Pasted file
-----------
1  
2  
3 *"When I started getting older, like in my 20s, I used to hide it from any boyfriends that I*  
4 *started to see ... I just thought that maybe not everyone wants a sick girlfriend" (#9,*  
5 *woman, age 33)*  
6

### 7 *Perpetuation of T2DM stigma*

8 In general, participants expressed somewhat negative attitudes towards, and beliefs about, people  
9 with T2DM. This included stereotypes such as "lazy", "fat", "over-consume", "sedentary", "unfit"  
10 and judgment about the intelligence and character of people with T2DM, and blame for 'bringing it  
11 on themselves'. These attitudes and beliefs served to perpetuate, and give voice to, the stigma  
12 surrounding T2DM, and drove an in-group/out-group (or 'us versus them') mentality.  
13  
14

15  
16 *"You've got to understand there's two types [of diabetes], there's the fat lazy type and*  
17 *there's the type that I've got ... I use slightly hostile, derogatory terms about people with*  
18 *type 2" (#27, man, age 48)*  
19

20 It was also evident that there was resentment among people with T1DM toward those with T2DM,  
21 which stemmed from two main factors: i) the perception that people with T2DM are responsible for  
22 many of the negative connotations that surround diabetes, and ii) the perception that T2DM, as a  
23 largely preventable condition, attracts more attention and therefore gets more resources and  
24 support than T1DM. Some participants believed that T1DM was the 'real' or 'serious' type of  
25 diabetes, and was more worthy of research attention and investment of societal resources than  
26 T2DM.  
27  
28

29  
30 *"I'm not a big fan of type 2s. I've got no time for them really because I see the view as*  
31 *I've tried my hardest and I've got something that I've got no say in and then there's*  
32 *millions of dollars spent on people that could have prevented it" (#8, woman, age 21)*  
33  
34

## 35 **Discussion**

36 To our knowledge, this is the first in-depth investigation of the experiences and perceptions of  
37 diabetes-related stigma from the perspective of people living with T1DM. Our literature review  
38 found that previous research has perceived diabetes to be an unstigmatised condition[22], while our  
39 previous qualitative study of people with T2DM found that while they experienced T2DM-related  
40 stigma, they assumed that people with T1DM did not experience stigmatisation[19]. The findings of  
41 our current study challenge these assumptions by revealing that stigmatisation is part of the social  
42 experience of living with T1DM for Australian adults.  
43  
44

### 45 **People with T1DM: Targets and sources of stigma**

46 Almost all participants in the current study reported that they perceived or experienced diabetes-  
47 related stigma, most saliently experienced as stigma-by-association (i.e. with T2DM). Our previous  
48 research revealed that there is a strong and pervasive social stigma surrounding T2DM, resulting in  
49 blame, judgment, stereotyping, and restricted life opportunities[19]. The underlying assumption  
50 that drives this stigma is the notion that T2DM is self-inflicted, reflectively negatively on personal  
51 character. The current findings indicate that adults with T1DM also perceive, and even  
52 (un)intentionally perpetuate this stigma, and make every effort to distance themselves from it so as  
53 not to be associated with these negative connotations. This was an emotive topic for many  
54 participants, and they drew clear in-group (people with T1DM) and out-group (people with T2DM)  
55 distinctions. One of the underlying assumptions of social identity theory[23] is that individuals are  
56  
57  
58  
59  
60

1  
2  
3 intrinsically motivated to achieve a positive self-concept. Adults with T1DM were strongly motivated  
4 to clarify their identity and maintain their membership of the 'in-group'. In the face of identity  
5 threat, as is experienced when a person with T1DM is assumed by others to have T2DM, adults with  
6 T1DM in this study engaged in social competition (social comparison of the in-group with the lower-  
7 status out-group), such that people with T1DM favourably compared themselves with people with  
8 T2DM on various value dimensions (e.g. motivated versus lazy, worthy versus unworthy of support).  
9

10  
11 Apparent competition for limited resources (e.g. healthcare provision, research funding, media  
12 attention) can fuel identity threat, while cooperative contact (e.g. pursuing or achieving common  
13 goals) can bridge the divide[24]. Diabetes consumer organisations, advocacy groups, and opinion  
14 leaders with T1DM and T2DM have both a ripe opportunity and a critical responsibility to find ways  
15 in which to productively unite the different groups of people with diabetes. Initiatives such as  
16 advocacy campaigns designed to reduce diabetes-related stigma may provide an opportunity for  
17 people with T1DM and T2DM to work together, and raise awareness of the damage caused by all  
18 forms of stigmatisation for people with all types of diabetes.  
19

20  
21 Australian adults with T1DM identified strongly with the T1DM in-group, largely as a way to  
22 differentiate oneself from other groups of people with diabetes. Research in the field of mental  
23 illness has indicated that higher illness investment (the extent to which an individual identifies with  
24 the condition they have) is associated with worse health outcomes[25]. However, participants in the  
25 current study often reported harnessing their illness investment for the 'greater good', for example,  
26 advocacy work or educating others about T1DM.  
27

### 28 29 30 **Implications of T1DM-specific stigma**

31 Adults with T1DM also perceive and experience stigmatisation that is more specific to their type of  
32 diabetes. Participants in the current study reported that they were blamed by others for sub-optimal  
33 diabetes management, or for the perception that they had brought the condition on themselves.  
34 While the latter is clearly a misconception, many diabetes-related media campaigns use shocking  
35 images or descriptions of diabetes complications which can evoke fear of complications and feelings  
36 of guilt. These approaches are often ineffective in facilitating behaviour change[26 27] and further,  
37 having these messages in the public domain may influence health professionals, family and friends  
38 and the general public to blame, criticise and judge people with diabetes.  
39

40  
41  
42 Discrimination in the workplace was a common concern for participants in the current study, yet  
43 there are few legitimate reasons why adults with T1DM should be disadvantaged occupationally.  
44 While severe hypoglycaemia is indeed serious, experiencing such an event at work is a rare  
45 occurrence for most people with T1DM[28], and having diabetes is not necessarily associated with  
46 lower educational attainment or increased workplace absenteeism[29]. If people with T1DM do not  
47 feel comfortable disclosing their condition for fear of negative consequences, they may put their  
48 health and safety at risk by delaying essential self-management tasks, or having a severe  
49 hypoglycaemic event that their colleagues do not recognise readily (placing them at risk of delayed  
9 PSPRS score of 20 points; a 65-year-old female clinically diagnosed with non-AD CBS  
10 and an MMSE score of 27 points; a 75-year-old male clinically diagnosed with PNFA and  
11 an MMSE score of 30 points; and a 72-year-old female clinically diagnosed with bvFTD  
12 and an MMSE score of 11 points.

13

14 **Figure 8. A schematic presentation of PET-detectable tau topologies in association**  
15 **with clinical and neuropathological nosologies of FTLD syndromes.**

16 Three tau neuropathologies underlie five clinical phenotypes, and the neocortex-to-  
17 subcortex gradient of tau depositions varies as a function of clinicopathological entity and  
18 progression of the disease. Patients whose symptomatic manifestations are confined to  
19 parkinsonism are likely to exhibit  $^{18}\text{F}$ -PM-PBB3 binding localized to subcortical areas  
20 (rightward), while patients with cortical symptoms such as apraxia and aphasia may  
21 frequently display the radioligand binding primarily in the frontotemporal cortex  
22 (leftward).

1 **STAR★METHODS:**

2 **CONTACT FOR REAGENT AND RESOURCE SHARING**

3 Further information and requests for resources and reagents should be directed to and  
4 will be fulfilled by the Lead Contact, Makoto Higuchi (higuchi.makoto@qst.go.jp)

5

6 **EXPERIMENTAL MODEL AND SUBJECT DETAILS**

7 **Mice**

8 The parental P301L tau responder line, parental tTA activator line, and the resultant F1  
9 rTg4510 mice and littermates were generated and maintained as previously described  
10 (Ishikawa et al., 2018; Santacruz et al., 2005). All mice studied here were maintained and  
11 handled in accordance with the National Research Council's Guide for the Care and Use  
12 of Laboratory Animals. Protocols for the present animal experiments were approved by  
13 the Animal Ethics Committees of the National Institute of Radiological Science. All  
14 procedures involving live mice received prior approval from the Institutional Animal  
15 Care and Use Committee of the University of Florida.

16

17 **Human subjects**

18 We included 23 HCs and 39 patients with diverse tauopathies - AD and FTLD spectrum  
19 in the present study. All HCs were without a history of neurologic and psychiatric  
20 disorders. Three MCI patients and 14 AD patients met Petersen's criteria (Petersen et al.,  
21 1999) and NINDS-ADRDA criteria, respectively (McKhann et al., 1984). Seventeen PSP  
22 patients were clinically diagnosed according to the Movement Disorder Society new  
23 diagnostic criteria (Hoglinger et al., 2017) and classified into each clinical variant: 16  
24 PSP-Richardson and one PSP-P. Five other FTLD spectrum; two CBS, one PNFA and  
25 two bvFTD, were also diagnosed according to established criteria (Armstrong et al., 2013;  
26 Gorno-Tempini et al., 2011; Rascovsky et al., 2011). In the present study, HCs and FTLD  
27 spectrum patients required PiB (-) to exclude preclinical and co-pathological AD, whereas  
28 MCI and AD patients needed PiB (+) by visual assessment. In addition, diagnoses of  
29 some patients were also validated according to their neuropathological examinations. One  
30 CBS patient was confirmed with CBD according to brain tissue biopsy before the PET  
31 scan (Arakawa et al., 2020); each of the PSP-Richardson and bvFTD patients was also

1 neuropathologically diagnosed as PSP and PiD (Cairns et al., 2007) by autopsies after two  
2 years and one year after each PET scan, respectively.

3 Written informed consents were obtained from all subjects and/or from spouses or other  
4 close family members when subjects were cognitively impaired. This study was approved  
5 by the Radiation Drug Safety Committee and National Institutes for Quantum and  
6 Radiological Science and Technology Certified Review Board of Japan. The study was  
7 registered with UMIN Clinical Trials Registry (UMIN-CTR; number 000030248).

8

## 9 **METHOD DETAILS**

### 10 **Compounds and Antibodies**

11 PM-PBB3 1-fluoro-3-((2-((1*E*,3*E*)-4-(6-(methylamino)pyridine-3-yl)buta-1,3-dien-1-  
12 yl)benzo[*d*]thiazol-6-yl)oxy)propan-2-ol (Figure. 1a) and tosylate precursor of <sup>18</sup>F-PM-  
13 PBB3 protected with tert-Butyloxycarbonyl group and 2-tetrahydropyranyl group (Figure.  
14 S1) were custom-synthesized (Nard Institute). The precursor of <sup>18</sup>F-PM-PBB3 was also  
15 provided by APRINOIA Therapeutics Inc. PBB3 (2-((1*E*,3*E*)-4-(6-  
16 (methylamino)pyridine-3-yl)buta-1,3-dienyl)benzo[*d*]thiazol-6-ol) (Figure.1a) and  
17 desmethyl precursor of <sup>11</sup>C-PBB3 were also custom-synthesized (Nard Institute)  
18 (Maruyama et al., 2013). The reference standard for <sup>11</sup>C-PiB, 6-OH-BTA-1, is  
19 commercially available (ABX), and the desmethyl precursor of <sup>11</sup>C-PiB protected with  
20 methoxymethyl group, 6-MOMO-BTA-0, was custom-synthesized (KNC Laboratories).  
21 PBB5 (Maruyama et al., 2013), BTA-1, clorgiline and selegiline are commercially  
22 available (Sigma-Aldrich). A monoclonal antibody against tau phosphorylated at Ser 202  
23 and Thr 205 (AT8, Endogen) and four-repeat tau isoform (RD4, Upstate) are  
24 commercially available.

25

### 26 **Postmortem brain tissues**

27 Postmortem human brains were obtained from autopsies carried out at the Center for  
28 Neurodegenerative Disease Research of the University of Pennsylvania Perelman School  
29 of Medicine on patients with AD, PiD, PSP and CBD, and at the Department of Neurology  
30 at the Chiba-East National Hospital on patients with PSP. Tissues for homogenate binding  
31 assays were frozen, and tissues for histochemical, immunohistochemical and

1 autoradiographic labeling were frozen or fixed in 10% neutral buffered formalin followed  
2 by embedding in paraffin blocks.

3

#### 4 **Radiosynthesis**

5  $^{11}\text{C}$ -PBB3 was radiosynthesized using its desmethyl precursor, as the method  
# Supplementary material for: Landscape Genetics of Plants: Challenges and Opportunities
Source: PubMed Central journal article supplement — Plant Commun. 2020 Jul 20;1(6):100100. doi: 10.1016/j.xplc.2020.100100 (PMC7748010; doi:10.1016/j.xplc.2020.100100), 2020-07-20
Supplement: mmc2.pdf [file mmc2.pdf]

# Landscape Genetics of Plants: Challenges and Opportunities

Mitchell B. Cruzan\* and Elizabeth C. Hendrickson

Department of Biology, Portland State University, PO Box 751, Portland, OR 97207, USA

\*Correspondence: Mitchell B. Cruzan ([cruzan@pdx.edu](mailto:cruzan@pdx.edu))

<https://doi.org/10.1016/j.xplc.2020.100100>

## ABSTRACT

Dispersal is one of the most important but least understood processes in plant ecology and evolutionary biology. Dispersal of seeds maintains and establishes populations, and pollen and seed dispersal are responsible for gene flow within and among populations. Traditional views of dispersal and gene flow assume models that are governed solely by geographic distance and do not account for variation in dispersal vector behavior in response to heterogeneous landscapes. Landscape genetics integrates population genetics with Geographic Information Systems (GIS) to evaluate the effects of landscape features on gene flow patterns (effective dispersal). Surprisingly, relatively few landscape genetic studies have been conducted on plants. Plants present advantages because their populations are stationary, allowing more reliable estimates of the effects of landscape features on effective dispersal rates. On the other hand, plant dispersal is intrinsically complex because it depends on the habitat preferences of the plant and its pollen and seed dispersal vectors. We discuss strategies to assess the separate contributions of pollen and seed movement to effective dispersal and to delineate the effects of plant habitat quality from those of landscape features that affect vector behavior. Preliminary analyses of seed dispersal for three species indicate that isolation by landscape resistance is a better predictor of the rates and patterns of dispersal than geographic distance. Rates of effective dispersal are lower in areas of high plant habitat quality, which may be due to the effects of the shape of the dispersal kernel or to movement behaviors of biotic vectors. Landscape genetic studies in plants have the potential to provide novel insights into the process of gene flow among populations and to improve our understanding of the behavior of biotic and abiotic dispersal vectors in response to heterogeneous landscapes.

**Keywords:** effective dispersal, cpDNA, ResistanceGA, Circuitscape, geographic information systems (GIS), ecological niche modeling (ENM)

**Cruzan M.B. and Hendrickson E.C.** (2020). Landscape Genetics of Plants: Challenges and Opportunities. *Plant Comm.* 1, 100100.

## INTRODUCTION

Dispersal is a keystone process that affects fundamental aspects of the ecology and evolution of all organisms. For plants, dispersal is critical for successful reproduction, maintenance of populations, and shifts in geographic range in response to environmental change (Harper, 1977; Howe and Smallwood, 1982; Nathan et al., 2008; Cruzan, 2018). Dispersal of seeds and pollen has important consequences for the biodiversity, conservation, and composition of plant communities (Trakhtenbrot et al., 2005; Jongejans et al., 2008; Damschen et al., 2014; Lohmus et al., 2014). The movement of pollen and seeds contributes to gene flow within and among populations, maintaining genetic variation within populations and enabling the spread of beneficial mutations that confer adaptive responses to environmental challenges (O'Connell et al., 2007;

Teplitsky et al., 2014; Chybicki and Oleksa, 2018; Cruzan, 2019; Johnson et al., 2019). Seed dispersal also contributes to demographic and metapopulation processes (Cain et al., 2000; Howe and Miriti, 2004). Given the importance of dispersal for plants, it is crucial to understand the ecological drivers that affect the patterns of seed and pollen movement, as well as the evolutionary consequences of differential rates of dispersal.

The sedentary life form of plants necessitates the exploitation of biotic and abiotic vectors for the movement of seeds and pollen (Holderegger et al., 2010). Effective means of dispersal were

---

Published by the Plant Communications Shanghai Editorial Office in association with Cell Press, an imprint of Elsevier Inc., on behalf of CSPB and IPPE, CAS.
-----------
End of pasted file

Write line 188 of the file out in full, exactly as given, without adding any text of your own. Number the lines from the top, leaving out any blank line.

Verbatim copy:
5  $^{11}\text{C}$ -PBB3 was radiosynthesized using its desmethyl precursor, as the method  